The HypoKulturhalle in the Theatinerstraße of Munich has a fascinating exhibition currently running of Canadians, mostly born at the turn of the century, who decided to travel to Paris and attend famous schools of Art. One group was the “Group of Seven” and the others were named after the building they met in in 1910, “Beaver Hall” in Montreal.
From Paris, they fanned out to many other places in Europe, such as Venice, Spain, Germany, but also back to their native Canada with its large expanses of trees and pastures.
Sometimes one has a feeling of déjà-vu, like the lady with the umbrella from Monet, or his painting of coquelicots / poppies, the colors and a touch of Seurat’s pointillisme, a painting of the Seine and its houseboats, a bourgeois family dressed in white, the peasants in rough brown cloth.
One recurrent motif are children in the middle of light-speckled surroundings, reading on a sofa, having a family picnic, carrying flowers and looking at butterflies – which idealizes the peasant girl. The more affluent young lady reclining on a bench at the beach is once again dressed in elegant white with a matching hat: tanned skin is for the working class, not for the noblesse.
Another common motif are young women, sewing, knitting, reading, reclining on a divan, many clothed in Japanese-patterned robes and dresses, among them one nude’s back.
A very Canadian motif are trees, maple trees with buckets, birches in the wind, fir trees laden with heavy snow on their boughs. Not to forget the fields and the rivers with boats and cargo.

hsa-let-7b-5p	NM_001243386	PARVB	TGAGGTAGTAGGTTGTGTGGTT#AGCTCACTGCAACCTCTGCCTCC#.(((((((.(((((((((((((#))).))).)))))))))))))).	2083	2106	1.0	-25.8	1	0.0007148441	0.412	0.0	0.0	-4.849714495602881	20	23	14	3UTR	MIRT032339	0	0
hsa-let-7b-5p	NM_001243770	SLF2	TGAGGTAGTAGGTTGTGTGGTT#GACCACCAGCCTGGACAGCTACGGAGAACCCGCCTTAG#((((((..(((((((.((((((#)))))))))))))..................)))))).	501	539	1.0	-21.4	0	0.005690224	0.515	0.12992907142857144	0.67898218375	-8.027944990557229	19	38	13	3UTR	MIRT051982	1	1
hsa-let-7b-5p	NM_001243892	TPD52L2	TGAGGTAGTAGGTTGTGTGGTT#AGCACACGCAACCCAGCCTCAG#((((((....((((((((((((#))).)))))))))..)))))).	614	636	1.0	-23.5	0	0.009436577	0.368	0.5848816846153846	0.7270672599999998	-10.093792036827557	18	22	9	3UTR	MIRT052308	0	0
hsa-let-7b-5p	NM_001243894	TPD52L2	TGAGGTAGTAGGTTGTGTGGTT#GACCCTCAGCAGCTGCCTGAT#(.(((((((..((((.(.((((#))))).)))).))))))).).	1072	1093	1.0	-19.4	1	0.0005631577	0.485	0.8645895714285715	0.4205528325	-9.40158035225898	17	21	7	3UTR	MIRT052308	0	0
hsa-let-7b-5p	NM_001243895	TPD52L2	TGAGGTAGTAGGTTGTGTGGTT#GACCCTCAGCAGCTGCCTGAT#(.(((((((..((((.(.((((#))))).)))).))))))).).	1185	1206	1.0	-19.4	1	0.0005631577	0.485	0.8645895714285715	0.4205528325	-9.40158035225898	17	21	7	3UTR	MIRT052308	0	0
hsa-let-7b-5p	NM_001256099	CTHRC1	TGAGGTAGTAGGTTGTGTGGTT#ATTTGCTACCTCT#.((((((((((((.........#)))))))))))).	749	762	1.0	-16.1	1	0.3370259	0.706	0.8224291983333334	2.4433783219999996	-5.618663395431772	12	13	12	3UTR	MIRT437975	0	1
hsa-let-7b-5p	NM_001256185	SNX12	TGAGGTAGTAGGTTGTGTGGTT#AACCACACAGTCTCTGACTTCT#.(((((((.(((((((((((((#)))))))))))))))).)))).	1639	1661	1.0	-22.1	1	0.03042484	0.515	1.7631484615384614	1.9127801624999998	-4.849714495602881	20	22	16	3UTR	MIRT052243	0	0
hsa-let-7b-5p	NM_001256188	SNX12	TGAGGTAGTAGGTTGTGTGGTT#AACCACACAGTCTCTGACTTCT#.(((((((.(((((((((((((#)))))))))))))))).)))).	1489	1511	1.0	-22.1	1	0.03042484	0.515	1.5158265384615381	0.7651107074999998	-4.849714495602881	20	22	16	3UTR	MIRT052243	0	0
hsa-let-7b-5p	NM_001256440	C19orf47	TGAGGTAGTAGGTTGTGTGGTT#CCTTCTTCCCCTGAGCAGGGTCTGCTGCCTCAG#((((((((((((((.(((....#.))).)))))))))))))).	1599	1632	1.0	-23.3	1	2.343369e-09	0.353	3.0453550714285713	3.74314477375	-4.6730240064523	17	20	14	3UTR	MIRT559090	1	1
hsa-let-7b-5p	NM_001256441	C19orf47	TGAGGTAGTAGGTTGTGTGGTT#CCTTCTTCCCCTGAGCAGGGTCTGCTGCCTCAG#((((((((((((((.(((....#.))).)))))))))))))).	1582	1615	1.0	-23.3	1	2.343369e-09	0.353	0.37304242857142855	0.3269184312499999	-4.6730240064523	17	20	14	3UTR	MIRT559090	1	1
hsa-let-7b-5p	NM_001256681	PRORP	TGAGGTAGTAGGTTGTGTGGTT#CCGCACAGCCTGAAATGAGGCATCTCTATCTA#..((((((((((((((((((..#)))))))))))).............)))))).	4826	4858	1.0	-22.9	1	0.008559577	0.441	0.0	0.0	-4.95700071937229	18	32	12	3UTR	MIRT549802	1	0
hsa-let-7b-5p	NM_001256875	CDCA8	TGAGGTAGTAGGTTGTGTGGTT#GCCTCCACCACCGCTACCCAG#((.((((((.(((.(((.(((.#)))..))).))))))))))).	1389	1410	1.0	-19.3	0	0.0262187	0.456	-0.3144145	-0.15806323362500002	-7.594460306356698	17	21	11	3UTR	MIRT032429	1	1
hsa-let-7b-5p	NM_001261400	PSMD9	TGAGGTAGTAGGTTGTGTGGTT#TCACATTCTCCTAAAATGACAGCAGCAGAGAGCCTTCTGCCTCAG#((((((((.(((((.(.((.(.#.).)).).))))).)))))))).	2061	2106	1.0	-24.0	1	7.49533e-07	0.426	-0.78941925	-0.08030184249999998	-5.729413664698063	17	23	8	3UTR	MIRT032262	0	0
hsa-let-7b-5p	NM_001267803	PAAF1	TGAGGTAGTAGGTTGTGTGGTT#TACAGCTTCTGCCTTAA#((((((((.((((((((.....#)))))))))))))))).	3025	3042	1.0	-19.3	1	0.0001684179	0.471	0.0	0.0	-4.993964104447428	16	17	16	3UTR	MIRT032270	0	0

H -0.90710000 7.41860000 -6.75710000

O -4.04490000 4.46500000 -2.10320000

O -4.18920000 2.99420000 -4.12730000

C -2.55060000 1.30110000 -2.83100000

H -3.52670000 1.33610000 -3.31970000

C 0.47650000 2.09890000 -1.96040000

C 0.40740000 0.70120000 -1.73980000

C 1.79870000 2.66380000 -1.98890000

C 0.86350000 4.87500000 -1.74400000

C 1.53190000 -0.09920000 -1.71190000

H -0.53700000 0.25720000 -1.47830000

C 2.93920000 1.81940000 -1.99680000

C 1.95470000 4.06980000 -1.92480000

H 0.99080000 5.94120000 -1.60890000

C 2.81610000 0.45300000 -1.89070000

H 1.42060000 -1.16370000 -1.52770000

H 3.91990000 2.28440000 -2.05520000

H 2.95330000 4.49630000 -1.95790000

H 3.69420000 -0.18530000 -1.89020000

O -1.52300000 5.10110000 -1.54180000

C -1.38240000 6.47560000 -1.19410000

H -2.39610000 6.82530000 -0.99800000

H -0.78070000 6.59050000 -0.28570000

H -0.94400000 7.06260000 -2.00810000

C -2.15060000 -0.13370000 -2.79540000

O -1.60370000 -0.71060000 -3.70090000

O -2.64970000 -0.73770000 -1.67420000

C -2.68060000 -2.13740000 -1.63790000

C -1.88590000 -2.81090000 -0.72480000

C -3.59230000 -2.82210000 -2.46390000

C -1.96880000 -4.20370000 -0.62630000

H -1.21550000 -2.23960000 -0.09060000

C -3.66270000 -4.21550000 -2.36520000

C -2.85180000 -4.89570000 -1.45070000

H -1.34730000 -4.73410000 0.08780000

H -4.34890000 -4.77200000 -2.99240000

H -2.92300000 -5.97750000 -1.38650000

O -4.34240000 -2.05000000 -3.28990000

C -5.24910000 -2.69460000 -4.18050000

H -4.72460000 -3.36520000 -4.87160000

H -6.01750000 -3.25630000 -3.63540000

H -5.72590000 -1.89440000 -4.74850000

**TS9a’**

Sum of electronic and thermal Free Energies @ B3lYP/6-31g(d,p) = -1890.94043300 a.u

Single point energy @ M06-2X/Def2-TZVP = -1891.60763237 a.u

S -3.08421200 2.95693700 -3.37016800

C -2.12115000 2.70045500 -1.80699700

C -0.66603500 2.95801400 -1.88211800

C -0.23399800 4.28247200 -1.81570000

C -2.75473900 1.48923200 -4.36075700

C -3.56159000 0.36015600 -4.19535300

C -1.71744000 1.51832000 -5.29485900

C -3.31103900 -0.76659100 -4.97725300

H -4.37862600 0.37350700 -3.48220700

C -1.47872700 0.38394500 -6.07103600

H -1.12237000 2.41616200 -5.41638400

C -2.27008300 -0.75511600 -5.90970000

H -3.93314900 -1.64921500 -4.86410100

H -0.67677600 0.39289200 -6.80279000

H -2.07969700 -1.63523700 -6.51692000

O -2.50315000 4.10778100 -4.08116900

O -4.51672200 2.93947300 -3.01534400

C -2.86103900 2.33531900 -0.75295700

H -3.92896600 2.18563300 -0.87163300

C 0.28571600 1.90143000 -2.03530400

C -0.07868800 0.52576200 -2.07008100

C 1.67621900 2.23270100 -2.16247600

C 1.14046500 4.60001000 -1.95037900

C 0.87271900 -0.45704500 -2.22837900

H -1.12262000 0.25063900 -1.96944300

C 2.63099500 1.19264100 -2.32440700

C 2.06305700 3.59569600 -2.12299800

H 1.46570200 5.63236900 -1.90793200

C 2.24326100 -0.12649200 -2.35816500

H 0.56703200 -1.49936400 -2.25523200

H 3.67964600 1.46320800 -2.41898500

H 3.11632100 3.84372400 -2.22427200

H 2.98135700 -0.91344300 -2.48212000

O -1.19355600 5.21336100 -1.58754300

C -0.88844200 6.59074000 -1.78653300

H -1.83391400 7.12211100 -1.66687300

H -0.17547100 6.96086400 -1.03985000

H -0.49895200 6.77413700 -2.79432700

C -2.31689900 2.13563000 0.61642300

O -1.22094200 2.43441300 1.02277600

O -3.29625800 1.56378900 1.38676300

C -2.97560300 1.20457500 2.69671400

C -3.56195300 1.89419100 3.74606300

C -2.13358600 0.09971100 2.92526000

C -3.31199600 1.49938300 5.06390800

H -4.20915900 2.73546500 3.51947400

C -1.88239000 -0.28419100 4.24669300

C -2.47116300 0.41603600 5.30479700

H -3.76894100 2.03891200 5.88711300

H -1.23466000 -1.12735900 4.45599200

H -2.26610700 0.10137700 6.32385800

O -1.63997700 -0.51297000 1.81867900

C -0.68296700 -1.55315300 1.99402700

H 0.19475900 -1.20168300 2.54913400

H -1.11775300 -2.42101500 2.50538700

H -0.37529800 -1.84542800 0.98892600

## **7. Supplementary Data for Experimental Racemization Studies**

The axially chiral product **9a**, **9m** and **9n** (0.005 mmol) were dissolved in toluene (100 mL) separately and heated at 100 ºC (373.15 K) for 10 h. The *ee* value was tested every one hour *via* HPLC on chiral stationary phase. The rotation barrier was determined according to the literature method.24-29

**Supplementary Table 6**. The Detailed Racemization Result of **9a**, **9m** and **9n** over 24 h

Regular rates are €12,-, 11,- for students and half-rate on Mondays. Lockers, a cloakroom, a café and a nearby subway station Odeonsplatz, as well as audio guides, lectures and curator tours are regular features.
We took the regional train, a two-hour ride from Munich, on a fine morning to Füssen. Passing the ticket window for tickets to Neuschwanstein, it is only a 4 minute walk to the center. Our group met in front of the Tourist Info Point at the Kaiser-Maximilian Platz. In front of the Info Point there are seven steles or columns with a loose basalt stone on top that dances in circles when the water is turned on. From there we walked to the old part of the town center. There are many lovely little colorful shops. Unfortunately, city planners have evidently not found any solution to keep the loud rumbling through traffic out of the center of town.
Our first stop with the guide was at the town wall built of river gravel from the Lech and wooden beams, of which several parts are still standing. Then we proceeded to the city church St. Mang (Magnus) who slew a dragon (= the evil) as shown on all images and frescoes. St. Mang ostensibly came from Kempten together with St. Gallus. It is legend that his corpse was found in a perfect state of preservation. In Rosshaupten they still have many traditions with horses, where he passed through.
The church is painted white on the inside, with many lovely frescoes and niches depicting saints and Biblical scenes. It was built by Johann Jakob Herkomer after he had been to Rome and Venice in 1717. The stucco was was done by Dominik Zimmermann and the altar by Josef Obermüller where you can see twin portraits on either side of bishops.
In the center you will walk past many enticing shops with beer, wine, clothes, ice cream, bakery goods, market halls, everything. Check out the wheat and baker’s fountain with the bronze flour sacks to sit on.